14. Susanna Ligabue, psychologist and psychotherapist, Milano, Italy, EU says:

    Thanks for this clear and well focused video and for the generous, comments following it.

    I have a Transactional Analysis and body centered training background and I found interesting in my practise to connnect the attention to stress reduction and anxiety disturbances, using a mindful attitude toward thinking (as King Laughbottom said before) and toward body, posture, breathing and expressing, through movements and voice as many others said before.
    I found here the opportunity of some new inspiring connections (!)

  15. L Darlene Pratt says:

    I use, and often recommend, deep breathing and mindfulness as well as going outside to a natural environment. The cognitive approach, on a scale of 1-10………..can also be helpful. I often do a body scan to find the most tense part of my body and work on relaxing that area.

  16. Marcia, LMHC,GMHS,CMHS, Poulsbo, WA says:

    posted

  17. Marcia, LMHC,GMHS,CMHS, Poulsbo, WA says:

    Would you please give us a picture of the actual brain response to the green, red or pink zone and how the brain will look when we reach a specific zone and what we need to do to change the brain to reach that quiet space in the brain for calmness: “what needs to happen in the brain to slow down reactivity so we can deal with stress more productively.”

    Please mention the amygdala or whatever your research has found that answers this for the client so they can add this to their focus for calming. I wish clients would meditate but believe that they need a focus point for their brain as perhaps a motivation.

    Meditation is often refused by teenagers especially. I use guided imagery but want some recent brain facts that might snag a teenager’s mind somehow to get them more motivated.

    I love the EMDR body sensations that find extremely helpful but I seem to be failing about motivating them beyond the session. Something that is affective and appealing to a teenager?

  18. Jan Lansdowne psychologist Melbourne Australia says:

    Thank you for the video. I find Rick Hanson’s explanations very helpful. My main strategy (along with many others) has been mindfulness of body, breath and thoughts within the Buddhist framework of impermanence and interdependence. The uncritical focus on and acceptance of sensations in my body allows me to understand what I’m stressed about and often why as I observe the thoughts that arise from focus on sensations, and the philosophical framework of Buddhism allows me to stay with the sensations even if they are extremely distressing as I believe they are a function of circumstances (i.e. not a reflection of who I am) and that ultimately they will pass. Recently I have been having kinesiology sessions and have found this to be a remarkable swift way to resolve underlying stress due to past trauma.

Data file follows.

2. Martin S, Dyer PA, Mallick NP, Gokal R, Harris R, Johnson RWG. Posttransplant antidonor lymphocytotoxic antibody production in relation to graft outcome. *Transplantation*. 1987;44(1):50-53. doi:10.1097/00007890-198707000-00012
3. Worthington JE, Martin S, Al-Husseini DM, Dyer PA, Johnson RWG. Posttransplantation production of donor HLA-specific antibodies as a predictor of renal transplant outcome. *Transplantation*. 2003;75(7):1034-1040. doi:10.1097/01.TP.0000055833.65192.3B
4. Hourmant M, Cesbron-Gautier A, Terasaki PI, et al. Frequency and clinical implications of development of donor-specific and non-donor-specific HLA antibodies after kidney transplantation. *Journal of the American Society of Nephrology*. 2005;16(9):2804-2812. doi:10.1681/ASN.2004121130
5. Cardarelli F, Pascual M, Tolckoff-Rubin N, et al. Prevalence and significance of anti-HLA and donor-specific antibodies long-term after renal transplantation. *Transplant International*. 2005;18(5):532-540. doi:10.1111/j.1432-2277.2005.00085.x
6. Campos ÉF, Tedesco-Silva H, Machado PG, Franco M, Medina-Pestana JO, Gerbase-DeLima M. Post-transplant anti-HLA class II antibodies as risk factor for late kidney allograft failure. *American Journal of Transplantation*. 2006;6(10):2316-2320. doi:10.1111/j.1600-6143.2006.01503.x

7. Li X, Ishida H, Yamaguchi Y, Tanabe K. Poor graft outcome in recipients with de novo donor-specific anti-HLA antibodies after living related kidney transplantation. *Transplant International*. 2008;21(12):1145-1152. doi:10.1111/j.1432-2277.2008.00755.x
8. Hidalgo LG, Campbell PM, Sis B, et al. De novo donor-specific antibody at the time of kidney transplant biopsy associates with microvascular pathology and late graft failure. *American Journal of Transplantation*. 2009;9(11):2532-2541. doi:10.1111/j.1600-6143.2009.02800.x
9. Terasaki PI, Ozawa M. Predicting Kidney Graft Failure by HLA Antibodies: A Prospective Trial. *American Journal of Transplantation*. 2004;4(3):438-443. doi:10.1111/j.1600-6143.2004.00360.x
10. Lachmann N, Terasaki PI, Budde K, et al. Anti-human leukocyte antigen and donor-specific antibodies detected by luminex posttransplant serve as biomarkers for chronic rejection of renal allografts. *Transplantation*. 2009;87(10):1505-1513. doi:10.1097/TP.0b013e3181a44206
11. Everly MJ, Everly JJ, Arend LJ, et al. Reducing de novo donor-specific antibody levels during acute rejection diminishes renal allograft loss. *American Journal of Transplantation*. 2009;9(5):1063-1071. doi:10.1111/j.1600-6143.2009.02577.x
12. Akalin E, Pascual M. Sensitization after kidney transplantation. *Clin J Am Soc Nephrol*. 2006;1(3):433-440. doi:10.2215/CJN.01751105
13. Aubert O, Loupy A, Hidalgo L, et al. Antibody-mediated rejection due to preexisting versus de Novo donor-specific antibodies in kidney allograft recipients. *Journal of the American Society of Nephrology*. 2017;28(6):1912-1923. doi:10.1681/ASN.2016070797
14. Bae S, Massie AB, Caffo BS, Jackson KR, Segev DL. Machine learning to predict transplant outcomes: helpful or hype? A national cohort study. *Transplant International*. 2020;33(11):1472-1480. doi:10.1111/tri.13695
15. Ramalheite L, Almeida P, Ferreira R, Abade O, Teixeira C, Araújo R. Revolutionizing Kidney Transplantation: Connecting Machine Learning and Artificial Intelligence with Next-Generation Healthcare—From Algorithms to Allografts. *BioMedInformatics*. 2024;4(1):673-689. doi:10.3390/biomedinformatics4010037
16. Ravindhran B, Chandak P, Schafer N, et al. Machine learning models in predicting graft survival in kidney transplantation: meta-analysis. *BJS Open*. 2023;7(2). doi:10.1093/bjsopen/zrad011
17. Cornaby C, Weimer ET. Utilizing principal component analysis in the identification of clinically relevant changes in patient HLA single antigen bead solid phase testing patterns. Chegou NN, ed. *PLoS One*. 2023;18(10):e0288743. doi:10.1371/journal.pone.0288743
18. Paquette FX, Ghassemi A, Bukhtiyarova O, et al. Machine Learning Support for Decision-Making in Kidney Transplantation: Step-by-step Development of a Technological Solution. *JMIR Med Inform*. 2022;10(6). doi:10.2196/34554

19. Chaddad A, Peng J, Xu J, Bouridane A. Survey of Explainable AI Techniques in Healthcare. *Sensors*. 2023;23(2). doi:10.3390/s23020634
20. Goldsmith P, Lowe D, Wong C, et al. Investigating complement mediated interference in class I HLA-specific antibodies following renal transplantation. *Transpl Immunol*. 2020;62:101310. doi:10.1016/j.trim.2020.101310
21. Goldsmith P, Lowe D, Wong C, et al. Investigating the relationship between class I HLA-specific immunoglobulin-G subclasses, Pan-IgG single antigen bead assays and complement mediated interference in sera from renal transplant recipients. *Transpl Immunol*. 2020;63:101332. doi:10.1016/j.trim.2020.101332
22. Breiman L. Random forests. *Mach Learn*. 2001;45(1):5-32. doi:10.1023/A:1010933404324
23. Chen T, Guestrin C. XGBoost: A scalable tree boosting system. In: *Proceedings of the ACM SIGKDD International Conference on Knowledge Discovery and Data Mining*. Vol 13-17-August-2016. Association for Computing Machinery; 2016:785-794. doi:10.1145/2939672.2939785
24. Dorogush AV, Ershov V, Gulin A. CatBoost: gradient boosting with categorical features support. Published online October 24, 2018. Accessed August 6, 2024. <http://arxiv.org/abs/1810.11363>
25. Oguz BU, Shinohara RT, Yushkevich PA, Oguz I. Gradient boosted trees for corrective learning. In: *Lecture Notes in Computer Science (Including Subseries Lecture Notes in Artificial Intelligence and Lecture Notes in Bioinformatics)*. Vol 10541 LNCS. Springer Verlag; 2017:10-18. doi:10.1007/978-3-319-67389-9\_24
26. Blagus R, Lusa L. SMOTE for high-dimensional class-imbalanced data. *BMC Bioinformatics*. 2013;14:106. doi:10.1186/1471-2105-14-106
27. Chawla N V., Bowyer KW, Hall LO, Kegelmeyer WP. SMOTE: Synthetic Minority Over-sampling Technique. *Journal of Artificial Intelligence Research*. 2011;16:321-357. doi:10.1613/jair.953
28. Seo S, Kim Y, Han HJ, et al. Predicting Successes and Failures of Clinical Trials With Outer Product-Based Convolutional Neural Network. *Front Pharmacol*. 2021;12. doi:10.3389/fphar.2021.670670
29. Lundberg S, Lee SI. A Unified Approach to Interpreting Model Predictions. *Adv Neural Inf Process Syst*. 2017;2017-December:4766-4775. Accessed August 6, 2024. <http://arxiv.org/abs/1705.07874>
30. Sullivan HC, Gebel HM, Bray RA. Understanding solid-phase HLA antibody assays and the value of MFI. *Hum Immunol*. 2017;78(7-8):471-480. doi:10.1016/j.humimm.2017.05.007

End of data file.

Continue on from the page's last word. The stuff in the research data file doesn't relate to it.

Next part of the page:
19. tony sansomgower says:

    Ruth, I love the way you are gradually encapsulating broad themes into manageable bites and segments. The Red Green (and even Pink) zone analogy is excellent…I’m semi-retired but teaching Judo to a class in a rural town in Queensland…wonderful to see the physicality of young judoka as they come to terms with these ‘zones’ of excitability. I shall adapt the Red/Green zone for them and see how it sits! Thanks again for the updates; on reflection I wish this approach had been available in my undergrad time!

  20. Yaacov David Shulman says:

    PS By singing I don’t only mean singing songs but also riffing and improvising whatever seems right and fun at the moment.

  21. Yaacov David Shulman says:

    I have found in myself–I don’t know how this works for others–that when I sing my mind stops its stressed thoughts, including anxious thoughts and negative interpretations of what people are doing or saying.

  22. Clare Vettes, retired school psychologist, Eureka/CA says:

    I sing or chant HU for 20 minutes a day, 2ce a day. And when I perceive that I am stressed out I HU at the moment. HU is a mantra, sound vibration and ancient name for Creator, Spirit, Universe, whatever one wishes to call IT. HU brings the forces of love to bear in an individual.

    Although it is meant to only center oneself and not change anything such as one’s environment, I have noticed a definite lightening or softening of circumstances when HUing. HU is the most precious word I know.

  23. Vij Richards RN Psychotherapist On, Canads says:

    I teach my clients to be aware of where in their body do they feel their stress. To learn to connect to themselves to help inform themselves of when safety, satisfaction or connection is threatened. Then teaching soothing techniques breathing, exercise, self-talk , tapping, talking to accept and move through the stressor, learning that, they can build confidence and resiliency to whatever challenges their life.

    I like your Green/Red zone analogy and will use if I may.

  24. Maureen Parnaby, Clinical Hypnotherapist says:

    I explain this process to all of my clients, then teach them controlled breathing vis the 7/11 technique. Also EFT and self hypnosis. I also direct them to this site. Informative…thanks!

  25. Bev Streng, TRE Level II Provider, South Africa says: